» Business

Land for Singapore's airport to double size

Publication Date : 18-07-2012


Singapore has earmarked 1,000ha of land for the expansion of Changi Airport - a move which will almost double the airport's size in the coming decades.

The planned expansion comes as rival airports in China, India and the Middle East formulate bold expansion plans to meet the growing demand for air travel.

Changi now occupies 1,350ha of land. The extra space for the future, about the size of Toa Payoh, is located where the biennial Singapore Airshow is held.

The plot is now separated from the existing airport by Changi Coast Road and already has a runway used for military purposes.

Minister of State for Transport Josephine Teo, who helms a 10-member multi-agency committee studying Changi's future needs, revealed the plans in a wide-ranging interview on Monday.

Among other areas, the committee is looking at when new terminals will be required and how they will be connected to the existing airport.

To prepare for the final report to be out by the year end, the team recently visited several airports in the region, including those in Hong Kong, Incheon in South Korea and the Middle East.

Teo said the study trips gave a good sense of the developments being planned by other airports, and also reaffirmed the belief that growth in aviation - especially in this part of the world - will sustain itself over a fairly long while.

She said: "As a result of this, we saw that many of these airports have very bold, ambitious plans." Hong Kong for example, has set in motion plans for a third runway; Incheon, which has three, is thinking of two more.

A key priority for the Changi committee is to decide when the airport, which now uses two runways, will need a third, Teo said.

Fuelled mainly by low-cost carriers, the number of flights at Changi has grown significantly in the last few years, outpacing the percentage increase in passenger traffic.

Last year, the number of aircraft movements rose 14.5 per cent over that in 2010. This triggered flight delays, which sparked the argument for a third runway.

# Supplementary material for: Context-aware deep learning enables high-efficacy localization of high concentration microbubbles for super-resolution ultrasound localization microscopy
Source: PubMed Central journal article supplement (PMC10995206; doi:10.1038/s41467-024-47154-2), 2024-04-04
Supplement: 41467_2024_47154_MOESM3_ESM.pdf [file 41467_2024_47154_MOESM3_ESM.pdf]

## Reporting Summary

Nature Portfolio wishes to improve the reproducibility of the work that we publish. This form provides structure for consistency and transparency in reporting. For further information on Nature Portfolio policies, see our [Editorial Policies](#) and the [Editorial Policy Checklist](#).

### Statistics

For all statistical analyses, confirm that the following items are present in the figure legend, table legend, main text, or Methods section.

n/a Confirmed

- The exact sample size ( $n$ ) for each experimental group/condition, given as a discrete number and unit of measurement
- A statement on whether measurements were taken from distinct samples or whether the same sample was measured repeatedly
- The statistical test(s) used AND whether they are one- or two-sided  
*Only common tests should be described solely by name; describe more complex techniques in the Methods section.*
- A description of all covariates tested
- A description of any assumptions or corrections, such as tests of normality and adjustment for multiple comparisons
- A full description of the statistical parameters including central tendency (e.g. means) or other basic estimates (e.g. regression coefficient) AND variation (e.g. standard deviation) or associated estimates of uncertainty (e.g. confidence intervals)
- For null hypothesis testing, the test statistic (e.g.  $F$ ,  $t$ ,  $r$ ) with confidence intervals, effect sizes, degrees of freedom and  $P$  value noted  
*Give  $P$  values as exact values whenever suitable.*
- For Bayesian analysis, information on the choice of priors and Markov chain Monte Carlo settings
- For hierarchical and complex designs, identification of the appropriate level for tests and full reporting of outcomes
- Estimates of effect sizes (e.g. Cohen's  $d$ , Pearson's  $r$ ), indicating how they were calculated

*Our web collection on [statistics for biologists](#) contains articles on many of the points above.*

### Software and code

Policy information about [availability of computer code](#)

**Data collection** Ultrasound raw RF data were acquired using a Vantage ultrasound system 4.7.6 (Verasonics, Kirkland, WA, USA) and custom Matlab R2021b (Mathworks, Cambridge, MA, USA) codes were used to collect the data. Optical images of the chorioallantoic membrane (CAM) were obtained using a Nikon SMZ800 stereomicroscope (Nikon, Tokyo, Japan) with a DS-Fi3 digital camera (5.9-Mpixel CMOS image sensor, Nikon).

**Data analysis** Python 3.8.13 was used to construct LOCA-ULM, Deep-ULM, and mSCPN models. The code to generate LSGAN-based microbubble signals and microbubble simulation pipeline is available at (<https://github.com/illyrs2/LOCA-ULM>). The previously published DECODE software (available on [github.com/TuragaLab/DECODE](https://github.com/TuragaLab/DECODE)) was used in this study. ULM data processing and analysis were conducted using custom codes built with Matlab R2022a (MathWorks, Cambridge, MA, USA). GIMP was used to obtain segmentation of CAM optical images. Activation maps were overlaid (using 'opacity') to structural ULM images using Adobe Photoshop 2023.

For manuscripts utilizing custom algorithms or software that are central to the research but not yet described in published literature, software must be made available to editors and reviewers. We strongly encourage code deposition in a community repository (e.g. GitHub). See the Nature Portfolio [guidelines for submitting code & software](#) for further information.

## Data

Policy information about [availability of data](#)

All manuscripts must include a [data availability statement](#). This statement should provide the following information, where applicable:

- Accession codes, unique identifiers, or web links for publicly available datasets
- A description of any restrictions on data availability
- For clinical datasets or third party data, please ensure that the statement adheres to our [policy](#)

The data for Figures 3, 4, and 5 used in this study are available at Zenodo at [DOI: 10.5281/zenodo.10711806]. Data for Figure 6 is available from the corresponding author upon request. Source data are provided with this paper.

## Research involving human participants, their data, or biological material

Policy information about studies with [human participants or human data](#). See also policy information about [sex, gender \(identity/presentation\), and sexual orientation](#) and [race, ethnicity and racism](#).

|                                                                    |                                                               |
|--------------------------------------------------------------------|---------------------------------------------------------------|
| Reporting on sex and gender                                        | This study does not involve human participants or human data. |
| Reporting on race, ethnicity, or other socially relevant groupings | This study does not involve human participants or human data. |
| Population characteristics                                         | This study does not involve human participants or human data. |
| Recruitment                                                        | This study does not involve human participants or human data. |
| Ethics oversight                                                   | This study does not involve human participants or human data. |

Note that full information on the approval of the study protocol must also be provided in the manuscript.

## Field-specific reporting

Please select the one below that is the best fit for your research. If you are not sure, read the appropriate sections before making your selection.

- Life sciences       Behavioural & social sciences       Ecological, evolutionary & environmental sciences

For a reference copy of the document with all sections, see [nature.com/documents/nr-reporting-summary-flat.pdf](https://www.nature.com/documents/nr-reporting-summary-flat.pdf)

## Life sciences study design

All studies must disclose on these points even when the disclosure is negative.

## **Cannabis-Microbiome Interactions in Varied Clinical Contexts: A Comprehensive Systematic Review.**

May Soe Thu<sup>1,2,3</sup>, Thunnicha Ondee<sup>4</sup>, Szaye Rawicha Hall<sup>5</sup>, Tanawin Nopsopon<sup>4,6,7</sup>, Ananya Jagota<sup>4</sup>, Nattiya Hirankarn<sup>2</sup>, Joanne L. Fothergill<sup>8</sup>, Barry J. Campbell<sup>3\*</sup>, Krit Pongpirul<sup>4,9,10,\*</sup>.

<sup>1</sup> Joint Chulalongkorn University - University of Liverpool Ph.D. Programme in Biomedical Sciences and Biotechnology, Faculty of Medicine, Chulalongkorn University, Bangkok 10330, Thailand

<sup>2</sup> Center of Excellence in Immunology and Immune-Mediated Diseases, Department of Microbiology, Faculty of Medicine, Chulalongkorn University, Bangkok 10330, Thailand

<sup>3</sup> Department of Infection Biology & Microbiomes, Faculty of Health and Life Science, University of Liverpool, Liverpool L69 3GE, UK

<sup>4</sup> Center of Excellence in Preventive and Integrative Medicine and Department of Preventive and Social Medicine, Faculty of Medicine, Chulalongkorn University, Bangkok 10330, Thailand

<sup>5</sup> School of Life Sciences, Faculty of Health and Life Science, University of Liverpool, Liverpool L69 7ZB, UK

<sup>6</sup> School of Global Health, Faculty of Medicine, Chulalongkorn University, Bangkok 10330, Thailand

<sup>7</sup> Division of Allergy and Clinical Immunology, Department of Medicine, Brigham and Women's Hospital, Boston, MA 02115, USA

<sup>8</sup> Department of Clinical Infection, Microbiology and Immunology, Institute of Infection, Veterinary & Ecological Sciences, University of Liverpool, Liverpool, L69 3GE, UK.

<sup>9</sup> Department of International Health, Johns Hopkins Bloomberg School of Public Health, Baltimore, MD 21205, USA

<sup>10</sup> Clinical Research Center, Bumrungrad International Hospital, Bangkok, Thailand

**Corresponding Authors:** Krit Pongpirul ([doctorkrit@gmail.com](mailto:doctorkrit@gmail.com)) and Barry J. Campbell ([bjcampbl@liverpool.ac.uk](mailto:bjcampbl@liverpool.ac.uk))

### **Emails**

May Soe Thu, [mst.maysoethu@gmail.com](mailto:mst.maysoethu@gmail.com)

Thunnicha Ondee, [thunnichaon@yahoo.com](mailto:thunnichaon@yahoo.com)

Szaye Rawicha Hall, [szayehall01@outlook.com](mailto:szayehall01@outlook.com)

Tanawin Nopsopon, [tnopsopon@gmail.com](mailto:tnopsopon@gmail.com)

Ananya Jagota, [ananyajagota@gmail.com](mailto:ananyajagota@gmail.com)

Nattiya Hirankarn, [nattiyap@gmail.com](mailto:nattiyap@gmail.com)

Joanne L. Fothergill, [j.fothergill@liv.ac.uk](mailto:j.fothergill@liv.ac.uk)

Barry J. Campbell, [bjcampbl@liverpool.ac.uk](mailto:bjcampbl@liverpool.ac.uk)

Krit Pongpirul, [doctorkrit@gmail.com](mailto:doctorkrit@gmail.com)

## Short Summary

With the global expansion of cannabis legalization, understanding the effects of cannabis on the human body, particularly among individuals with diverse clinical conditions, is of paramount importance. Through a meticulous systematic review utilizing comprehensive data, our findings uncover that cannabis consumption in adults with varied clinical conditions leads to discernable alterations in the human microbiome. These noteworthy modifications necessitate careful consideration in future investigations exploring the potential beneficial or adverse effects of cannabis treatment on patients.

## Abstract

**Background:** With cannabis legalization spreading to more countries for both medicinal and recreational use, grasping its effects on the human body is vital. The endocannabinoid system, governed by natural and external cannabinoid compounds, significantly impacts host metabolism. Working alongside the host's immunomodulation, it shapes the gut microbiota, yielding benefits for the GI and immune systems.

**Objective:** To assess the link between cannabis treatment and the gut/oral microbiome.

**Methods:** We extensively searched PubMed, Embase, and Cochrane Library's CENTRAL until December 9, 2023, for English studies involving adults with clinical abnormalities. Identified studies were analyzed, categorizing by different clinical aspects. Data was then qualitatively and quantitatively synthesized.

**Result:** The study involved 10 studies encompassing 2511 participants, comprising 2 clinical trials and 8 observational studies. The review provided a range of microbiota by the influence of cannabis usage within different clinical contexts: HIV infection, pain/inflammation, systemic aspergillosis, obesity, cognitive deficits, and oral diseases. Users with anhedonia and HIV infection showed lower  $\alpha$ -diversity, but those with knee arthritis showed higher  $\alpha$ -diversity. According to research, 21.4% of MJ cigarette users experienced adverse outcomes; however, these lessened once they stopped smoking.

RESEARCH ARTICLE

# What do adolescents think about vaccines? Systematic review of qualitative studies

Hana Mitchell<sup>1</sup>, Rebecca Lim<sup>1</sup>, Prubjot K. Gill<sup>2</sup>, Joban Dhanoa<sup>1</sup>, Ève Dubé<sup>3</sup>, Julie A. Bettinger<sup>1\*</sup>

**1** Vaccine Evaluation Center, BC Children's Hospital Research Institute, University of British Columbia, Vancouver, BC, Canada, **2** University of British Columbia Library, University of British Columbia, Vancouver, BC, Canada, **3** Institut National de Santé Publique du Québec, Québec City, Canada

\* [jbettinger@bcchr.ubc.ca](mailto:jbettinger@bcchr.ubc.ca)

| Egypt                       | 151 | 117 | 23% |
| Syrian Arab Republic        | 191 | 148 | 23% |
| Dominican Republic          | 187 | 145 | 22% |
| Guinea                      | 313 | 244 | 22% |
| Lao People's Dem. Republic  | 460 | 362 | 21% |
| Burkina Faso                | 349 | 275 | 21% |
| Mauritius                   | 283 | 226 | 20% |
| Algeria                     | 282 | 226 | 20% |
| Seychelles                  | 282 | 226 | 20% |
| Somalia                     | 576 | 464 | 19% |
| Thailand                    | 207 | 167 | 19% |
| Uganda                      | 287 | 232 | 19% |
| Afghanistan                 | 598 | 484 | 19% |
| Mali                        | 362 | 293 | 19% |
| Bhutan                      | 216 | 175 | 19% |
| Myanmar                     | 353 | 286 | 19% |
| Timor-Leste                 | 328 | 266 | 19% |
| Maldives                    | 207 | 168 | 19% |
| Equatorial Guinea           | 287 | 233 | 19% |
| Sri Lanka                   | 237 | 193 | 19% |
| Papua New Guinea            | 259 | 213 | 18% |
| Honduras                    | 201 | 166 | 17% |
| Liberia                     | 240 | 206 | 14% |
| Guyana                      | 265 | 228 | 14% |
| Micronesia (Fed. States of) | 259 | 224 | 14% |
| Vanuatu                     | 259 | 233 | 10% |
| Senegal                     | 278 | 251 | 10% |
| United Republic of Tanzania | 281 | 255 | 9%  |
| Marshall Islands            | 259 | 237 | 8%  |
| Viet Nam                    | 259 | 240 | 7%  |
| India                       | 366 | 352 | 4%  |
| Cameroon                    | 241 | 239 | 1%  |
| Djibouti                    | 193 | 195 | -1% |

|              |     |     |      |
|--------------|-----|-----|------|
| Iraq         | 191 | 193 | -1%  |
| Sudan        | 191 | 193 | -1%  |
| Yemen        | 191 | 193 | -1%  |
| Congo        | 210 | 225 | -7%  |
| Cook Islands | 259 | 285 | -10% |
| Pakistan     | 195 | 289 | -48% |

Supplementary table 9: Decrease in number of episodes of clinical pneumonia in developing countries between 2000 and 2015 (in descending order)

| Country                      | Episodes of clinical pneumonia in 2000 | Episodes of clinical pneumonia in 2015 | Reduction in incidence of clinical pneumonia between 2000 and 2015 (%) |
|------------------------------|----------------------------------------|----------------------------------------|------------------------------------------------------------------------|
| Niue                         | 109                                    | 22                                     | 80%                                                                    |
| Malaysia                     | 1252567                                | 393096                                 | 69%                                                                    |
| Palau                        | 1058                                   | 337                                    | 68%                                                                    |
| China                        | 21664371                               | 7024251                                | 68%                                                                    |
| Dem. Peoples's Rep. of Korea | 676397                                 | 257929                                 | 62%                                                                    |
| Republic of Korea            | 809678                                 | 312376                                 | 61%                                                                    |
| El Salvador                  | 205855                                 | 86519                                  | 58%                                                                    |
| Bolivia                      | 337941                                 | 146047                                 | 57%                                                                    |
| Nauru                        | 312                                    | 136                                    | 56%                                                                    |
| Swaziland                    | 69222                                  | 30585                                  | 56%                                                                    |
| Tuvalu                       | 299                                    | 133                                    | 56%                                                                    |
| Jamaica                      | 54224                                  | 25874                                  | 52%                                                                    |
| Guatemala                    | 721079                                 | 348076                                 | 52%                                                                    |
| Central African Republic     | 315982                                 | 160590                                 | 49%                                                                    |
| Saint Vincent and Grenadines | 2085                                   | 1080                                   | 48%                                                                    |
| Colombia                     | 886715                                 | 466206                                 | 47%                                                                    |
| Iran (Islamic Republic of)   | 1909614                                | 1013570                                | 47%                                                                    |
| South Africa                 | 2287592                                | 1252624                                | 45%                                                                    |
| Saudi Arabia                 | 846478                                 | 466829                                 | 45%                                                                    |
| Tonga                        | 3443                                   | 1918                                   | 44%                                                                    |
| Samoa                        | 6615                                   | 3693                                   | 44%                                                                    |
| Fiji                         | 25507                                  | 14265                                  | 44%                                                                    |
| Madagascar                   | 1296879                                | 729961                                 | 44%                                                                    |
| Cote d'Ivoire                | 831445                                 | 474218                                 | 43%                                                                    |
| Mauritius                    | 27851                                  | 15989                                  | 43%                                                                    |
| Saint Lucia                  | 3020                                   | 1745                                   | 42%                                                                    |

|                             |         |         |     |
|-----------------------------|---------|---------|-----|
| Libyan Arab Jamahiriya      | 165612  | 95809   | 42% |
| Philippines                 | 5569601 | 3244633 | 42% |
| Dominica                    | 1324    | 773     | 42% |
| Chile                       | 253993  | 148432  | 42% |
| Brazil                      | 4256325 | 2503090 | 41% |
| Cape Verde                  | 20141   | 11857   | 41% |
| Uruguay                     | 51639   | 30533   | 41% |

But even as Teo's panel considers when this can be developed, steps have been taken to use the two existing runways more efficiently.

These include reducing the distance between two aircraft and scheduling maintenance work in off- peak periods.

Experts have pointed to Heathrow - which also has two runways - to underscore Changi's relatively inefficient use of its runways: The London airport pulled off 476,197 take-offs and landings last year; Changi had 302,000.

The capacity of airport terminals to handle passengers is a less pressing issue, but the committee will still decide when and how many new terminals will be needed, said Teo.

"If you have capacity, you have the opportunity to capture future growth. If you don't, then there is really no opportunity to do so."

If Changi does not build enough capacity in time, it will lose out to other airports, she said, identifying this as Changi's key challenge.

Singapore's airport can now handle more than 70 million passengers a year; by 2017, when Terminal 4 is ready, the figure will be 85 million. Terminal 4 will replace the Budget Terminal, to be demolished in September.

Beyond that, Teo said, the committee is eyeing the possibility not just of a Terminal 5, but even a Terminal 6, if needed.

But even as the committee looks to Changi's future, the airport also has to innovate.

She cited the example of Incheon airport, which is 70km from Seoul. A mini city catering to travellers has sprung up around it.

Teo said: "So it is not just a matter of building pure capacity, but also of how the airport can enhance the value it brings to the local economy - creating jobs and building opportunities for industry and commerce to take off."

She added that as Changi Airport readied itself for the lap ahead, one thing was clear: "Changi is in a position of strength, and with the right moves, we have the opportunity to keep it flying high."


Mobile Apps Newsletters ANN on You Tube